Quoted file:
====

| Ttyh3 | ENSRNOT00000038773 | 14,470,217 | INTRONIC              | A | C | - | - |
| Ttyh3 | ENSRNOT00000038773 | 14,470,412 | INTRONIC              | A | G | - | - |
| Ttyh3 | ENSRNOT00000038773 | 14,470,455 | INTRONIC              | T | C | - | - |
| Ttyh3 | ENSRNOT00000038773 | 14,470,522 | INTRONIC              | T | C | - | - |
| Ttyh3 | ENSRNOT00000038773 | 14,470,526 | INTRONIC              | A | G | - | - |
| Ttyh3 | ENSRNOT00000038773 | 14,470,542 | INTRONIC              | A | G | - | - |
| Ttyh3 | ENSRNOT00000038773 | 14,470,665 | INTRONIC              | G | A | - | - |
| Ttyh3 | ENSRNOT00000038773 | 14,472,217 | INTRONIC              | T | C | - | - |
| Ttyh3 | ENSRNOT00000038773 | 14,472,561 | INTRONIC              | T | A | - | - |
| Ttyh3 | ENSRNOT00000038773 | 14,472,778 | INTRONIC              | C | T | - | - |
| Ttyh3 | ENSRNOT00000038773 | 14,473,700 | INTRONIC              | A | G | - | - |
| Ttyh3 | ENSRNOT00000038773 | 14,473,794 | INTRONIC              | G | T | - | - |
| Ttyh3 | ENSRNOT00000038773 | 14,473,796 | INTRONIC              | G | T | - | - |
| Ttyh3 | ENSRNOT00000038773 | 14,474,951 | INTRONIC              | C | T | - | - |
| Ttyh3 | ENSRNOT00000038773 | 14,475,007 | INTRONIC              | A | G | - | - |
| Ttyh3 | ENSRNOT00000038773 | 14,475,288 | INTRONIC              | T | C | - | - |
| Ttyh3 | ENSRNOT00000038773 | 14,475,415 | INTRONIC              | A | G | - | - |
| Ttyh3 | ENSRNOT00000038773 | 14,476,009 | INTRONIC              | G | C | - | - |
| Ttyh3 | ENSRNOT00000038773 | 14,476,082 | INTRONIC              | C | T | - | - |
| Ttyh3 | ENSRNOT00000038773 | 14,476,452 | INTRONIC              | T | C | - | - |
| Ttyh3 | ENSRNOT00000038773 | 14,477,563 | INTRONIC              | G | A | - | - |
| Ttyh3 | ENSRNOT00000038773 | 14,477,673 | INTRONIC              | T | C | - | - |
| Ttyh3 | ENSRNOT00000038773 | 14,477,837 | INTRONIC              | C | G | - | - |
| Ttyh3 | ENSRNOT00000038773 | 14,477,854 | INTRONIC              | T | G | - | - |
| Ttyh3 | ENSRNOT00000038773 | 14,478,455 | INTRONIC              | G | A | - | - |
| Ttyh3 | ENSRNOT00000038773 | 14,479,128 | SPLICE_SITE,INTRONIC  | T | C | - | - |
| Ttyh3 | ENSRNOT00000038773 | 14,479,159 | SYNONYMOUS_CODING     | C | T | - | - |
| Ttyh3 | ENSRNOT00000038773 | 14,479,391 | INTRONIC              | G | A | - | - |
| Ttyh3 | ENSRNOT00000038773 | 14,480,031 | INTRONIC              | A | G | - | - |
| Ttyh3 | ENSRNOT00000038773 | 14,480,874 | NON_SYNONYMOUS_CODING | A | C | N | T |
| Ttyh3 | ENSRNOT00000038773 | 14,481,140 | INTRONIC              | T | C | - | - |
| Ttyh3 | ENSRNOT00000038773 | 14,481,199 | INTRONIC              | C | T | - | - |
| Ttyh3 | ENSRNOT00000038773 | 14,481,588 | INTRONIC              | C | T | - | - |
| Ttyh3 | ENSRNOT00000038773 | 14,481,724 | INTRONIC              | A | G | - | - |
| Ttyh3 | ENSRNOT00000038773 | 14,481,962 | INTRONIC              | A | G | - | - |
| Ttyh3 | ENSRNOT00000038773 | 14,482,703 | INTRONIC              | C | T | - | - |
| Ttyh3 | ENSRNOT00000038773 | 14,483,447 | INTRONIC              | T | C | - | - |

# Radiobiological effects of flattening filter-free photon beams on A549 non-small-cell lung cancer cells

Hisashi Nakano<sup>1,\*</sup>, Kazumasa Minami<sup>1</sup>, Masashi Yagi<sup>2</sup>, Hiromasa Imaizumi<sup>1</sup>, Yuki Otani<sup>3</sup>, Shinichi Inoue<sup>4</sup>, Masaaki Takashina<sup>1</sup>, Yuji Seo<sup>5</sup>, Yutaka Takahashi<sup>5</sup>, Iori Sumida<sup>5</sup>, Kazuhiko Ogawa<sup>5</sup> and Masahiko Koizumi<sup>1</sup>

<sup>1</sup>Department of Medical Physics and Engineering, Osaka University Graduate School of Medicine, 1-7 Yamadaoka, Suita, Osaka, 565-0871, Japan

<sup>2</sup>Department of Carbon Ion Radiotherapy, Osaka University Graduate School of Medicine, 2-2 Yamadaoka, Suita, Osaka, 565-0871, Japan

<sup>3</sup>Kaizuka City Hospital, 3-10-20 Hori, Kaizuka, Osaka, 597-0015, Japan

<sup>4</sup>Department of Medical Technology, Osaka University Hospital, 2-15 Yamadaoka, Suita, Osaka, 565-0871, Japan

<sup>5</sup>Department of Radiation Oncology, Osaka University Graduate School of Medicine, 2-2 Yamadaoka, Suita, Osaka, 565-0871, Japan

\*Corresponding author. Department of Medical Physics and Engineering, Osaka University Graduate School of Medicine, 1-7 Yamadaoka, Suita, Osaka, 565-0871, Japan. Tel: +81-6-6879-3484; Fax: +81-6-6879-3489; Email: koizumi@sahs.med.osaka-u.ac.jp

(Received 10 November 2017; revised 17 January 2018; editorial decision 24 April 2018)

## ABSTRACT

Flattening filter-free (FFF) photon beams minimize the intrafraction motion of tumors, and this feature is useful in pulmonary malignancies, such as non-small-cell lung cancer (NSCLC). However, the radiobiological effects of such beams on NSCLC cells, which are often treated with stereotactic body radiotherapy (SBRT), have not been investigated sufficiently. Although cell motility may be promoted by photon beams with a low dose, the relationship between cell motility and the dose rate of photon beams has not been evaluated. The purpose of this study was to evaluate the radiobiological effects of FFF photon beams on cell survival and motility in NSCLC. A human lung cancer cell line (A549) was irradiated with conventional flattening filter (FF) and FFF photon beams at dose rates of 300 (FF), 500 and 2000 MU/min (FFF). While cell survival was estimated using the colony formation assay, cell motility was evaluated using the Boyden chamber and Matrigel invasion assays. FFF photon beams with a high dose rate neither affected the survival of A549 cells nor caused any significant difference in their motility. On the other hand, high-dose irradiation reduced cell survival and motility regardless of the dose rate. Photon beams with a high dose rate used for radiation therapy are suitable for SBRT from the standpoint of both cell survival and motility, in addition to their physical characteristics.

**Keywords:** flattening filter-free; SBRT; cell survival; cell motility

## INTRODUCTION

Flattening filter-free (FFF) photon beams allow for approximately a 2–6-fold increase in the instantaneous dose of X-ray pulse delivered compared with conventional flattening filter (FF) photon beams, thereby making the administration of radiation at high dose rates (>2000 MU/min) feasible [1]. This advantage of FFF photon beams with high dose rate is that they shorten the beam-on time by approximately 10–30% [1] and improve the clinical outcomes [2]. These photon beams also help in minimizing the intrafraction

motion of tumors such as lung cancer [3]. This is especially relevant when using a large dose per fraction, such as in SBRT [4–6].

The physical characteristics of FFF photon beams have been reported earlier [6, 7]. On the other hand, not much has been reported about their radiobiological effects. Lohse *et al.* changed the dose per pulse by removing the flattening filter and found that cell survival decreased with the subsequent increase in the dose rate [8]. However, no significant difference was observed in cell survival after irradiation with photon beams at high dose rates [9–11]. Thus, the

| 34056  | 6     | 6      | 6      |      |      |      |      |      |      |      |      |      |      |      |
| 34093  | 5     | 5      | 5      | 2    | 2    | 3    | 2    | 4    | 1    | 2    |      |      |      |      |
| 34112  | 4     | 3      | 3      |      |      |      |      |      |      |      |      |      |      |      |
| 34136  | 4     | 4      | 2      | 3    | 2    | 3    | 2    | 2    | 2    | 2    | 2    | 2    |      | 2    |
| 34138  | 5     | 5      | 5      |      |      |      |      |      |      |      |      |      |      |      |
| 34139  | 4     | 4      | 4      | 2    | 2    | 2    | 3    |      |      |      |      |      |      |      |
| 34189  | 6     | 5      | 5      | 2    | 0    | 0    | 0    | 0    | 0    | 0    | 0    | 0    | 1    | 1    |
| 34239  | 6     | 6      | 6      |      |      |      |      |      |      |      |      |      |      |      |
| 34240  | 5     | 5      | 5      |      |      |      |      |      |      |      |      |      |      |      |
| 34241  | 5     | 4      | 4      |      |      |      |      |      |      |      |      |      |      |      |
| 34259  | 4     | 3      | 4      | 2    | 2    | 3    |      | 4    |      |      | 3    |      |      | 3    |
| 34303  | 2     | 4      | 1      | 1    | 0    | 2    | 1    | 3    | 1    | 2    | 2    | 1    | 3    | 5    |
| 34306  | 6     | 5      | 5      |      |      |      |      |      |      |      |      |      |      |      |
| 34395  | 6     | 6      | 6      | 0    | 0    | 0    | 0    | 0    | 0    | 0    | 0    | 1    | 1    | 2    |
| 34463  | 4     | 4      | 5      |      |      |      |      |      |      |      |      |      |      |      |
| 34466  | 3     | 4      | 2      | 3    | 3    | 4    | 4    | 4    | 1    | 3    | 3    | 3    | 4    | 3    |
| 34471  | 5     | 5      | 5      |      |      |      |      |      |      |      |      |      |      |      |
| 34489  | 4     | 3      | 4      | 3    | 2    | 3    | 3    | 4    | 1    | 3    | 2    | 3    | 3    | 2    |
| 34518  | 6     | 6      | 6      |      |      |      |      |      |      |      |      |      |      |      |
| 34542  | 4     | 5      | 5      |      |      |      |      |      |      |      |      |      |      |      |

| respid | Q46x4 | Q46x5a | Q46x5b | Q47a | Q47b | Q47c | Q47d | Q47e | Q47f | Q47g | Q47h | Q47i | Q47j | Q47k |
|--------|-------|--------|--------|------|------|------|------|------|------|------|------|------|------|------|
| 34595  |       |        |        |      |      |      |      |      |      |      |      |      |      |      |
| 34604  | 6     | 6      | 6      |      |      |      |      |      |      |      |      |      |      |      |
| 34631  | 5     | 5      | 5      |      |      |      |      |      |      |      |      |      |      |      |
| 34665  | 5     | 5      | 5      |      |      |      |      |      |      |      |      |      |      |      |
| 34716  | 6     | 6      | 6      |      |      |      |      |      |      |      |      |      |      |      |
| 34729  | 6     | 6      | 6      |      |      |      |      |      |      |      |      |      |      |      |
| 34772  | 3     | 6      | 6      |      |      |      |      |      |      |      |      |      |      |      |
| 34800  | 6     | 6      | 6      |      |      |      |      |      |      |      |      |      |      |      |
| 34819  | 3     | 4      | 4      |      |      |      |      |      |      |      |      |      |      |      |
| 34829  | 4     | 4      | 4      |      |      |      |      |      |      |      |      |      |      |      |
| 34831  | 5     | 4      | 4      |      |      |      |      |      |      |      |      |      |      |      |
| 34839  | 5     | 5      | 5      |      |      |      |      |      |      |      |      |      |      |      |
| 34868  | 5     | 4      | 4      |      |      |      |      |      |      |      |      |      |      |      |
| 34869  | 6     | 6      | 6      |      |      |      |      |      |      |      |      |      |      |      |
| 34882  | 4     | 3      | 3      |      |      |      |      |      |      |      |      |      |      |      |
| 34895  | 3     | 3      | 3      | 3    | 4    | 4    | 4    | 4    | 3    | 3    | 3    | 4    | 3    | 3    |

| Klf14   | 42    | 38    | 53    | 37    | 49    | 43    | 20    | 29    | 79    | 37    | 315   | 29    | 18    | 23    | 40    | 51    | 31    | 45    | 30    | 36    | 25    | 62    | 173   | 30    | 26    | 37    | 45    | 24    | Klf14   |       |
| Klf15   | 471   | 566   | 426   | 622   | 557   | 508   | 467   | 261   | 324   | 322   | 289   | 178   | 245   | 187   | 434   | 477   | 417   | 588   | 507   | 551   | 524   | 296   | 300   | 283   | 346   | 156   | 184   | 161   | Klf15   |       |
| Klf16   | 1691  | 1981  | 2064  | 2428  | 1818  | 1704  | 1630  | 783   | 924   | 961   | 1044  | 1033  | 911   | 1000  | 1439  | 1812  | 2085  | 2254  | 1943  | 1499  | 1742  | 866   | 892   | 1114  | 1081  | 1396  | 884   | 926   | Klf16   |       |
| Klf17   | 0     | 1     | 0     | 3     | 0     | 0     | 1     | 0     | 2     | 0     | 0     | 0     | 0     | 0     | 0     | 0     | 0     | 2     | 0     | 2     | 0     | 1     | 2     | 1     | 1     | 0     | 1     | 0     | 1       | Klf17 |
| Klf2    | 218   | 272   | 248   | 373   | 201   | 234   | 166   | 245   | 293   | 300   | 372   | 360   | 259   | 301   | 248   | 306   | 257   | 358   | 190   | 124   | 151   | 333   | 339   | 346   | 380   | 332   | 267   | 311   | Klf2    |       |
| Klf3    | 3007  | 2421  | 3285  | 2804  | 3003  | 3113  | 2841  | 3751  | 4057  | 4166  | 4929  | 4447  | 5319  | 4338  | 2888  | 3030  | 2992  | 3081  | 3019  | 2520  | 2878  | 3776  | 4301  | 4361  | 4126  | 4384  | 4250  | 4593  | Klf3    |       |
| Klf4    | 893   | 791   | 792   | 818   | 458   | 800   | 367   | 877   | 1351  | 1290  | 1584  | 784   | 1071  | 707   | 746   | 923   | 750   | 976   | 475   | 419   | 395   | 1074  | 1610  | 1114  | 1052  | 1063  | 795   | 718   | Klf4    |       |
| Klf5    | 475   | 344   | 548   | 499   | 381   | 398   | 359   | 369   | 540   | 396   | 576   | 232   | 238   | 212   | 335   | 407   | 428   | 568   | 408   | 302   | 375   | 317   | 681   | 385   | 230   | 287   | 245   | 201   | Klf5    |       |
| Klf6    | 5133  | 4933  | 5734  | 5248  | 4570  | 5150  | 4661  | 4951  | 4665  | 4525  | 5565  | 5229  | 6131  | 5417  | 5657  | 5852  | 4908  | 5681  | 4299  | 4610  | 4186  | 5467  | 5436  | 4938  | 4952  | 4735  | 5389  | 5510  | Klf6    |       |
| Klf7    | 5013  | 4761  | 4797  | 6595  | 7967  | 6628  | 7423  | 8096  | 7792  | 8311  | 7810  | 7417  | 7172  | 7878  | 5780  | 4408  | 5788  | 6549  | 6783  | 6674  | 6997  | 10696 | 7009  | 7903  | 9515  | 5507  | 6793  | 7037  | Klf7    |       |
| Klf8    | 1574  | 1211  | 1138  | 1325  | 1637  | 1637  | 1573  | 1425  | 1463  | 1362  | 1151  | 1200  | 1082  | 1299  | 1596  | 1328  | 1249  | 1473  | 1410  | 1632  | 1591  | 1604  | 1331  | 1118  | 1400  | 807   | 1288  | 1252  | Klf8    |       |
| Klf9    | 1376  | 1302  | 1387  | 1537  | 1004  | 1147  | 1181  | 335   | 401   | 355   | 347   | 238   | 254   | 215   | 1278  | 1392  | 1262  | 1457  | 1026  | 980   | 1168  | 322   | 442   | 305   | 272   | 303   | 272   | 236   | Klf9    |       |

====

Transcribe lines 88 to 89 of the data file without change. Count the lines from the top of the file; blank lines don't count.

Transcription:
| 34868  | 5     | 4      | 4      |      |      |      |      |      |      |      |      |      |      |      |
| 34869  | 6     | 6      | 6      |      |      |      |      |      |      |      |      |      |      |      |